The Hidden Costs of Parking Signs That Are Easy to Read

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ParkingSign3 All ye L.A. Drivers who laboriously read and re-read over-complicated parking signs, only to find a ticket on your dashboard two hours later, rejoice! Our streets are finally getting some new signs.

Last week, City Council member Paul Krekorian—the voice of the 2nd District and advocate for those suffering at the hand of confusing parking signs—introduced a motion to the L.A. City Council that proposes to replace the Department of Transportation’s parking sign scheme with a new, simpler design. The City Council instructed the DOT to implement a pilot program that would replace the familiar strip of interrelated parking signs (you know the ones) with a single, consolidated, grid-like sign. Instead of presenting a jumble of weekdays, times, and “except for’s,” the new signs show a graph of days and times. If it’s safe to park, the day and time will be green. If it’s ticketing territory, the section will be red. Sounds like Christmas to us!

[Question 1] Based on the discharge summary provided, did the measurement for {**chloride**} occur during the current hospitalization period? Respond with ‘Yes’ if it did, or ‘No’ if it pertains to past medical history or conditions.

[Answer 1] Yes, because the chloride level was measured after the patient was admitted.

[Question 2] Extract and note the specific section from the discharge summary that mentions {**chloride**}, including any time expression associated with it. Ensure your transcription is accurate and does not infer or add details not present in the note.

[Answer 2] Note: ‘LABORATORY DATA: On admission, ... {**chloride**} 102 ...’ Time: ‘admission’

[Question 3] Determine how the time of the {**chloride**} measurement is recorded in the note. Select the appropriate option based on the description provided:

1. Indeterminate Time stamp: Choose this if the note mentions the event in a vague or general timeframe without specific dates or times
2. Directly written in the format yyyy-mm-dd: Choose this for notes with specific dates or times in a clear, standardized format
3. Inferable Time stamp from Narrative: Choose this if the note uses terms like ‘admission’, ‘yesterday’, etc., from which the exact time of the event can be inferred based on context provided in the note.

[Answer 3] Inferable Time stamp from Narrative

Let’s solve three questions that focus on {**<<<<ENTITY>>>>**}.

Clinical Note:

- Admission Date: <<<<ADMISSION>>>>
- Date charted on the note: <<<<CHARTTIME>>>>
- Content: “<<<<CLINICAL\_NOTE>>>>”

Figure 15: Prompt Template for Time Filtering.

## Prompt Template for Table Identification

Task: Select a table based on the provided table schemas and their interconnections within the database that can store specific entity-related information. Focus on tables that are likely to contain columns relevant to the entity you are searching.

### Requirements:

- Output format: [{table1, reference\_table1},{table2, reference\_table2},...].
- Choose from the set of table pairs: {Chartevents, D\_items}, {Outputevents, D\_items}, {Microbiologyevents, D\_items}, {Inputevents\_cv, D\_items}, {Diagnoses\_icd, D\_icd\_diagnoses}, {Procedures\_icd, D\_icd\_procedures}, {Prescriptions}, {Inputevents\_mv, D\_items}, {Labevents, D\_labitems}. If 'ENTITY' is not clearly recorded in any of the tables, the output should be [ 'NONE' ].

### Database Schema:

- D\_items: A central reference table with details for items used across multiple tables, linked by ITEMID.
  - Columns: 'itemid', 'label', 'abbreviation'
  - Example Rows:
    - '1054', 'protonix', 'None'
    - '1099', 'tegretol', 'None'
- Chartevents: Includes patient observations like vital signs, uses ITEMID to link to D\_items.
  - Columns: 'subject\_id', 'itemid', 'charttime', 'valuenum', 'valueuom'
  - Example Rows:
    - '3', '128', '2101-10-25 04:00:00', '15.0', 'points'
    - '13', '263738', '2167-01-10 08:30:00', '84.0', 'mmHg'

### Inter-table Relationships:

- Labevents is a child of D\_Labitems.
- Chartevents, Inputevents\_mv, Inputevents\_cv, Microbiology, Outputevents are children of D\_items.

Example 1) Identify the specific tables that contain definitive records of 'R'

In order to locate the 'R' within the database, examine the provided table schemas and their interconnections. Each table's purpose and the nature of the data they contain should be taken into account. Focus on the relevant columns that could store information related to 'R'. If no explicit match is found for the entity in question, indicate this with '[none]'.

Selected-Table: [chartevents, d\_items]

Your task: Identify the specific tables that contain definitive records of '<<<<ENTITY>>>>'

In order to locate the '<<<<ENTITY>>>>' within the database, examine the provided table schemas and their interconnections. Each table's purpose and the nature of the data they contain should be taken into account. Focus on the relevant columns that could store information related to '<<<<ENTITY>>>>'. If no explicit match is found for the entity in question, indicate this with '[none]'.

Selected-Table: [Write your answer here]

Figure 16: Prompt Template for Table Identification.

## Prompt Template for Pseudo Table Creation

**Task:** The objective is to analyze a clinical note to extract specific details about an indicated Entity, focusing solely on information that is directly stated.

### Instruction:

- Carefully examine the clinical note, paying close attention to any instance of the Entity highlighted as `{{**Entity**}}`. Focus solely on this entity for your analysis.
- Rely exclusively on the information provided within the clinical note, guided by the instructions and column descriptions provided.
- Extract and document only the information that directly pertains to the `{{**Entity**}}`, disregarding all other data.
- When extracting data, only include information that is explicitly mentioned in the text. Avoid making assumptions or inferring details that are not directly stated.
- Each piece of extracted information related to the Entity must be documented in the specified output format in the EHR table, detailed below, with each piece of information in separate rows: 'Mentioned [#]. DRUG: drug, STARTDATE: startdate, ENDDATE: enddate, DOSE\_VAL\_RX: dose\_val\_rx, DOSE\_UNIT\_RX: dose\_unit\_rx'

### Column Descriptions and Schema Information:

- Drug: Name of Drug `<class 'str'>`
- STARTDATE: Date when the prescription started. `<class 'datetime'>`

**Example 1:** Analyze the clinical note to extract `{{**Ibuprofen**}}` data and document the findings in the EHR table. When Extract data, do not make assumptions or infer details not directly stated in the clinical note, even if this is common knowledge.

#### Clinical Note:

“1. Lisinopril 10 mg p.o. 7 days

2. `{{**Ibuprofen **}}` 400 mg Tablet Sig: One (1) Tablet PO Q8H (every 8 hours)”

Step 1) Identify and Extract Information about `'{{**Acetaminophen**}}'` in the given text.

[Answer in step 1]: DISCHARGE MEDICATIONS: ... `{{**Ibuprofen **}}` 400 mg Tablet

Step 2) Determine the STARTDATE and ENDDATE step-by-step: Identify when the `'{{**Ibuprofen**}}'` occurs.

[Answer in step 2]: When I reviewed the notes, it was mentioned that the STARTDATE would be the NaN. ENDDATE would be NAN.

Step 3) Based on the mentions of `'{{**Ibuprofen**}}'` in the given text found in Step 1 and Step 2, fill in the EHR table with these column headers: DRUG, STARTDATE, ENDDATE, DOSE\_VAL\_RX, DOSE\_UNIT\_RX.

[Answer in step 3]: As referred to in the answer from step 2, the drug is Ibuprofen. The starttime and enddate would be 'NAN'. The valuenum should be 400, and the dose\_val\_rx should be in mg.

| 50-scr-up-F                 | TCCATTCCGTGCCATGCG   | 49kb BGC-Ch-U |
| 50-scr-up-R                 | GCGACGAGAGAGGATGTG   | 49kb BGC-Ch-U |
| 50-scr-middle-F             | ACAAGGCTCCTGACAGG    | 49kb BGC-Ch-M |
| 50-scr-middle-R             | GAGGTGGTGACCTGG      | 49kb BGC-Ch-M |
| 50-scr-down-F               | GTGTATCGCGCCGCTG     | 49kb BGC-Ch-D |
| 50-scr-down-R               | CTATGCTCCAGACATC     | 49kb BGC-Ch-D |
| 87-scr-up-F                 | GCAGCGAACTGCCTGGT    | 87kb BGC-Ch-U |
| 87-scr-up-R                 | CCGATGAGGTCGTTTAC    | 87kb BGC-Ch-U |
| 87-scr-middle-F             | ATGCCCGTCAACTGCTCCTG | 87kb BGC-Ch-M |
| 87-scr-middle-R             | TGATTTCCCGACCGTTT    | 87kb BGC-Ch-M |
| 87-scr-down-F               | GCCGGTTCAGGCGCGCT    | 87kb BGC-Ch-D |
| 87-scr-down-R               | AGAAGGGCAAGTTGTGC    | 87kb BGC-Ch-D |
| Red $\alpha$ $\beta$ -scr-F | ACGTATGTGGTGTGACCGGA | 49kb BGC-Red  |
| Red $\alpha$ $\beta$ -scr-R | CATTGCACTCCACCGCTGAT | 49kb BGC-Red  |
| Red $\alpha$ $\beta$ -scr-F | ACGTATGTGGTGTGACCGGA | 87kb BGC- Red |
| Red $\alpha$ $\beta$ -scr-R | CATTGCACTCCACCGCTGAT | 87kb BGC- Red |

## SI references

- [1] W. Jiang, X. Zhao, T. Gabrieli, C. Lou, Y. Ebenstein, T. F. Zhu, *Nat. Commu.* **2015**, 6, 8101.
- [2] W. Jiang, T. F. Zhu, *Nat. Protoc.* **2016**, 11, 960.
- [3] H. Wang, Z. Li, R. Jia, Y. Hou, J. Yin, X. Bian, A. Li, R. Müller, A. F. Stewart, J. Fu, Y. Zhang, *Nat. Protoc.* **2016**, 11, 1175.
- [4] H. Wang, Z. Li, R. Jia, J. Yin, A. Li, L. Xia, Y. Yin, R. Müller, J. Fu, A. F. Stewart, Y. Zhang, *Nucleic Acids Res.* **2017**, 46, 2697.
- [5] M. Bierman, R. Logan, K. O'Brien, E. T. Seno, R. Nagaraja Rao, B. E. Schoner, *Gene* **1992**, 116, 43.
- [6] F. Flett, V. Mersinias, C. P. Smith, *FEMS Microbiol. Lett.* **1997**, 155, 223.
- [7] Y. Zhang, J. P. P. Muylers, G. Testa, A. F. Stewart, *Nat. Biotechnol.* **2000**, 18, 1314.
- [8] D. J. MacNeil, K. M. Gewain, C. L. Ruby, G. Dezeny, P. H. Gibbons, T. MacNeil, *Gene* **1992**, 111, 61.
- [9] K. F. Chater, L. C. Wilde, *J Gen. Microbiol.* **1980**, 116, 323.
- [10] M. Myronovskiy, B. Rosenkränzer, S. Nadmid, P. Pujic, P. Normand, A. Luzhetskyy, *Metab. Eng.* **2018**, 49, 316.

These new signs were created by graphic designer Nikki Sylianteng, who primarily works in New York—another city notorious for its difficult parking situation. Her work with To Park or Not To Park, a self-described “urban intervention project,” was featured in The Atlantic and has inspired a hashtag on Instagram. The Department of Transportation plans on testing her design for the next 45 days, so keep an eye out for the new signs over the next month.

But is the city prepared to undertake a reformation of the parking regime? Tearing down the old parking signs and installing new ones takes time and money. The DOT currently generates about $106 million in revenue from parking violations, a number that could drop as signs are clarified.

The City Council seems to understand how problematic parking has become in Los Angeles. Back in March, Krekorian proposed another motion for parking sign reform. The motion was targeted at limiting street sweeping restrictions near elementary schools to help parents drop their kids off without worrying about being ticketed. Additionally, in April, Mayor Eric Garcetti teamed up with Los Angeles Parking Freedom Initiative to discuss further changes to parking laws, including potentially cutting the price of violations.

What do you think of the new parking signage? Tweet us at @lamag_driver with your thoughts, especially if you see one of the new signs out and about.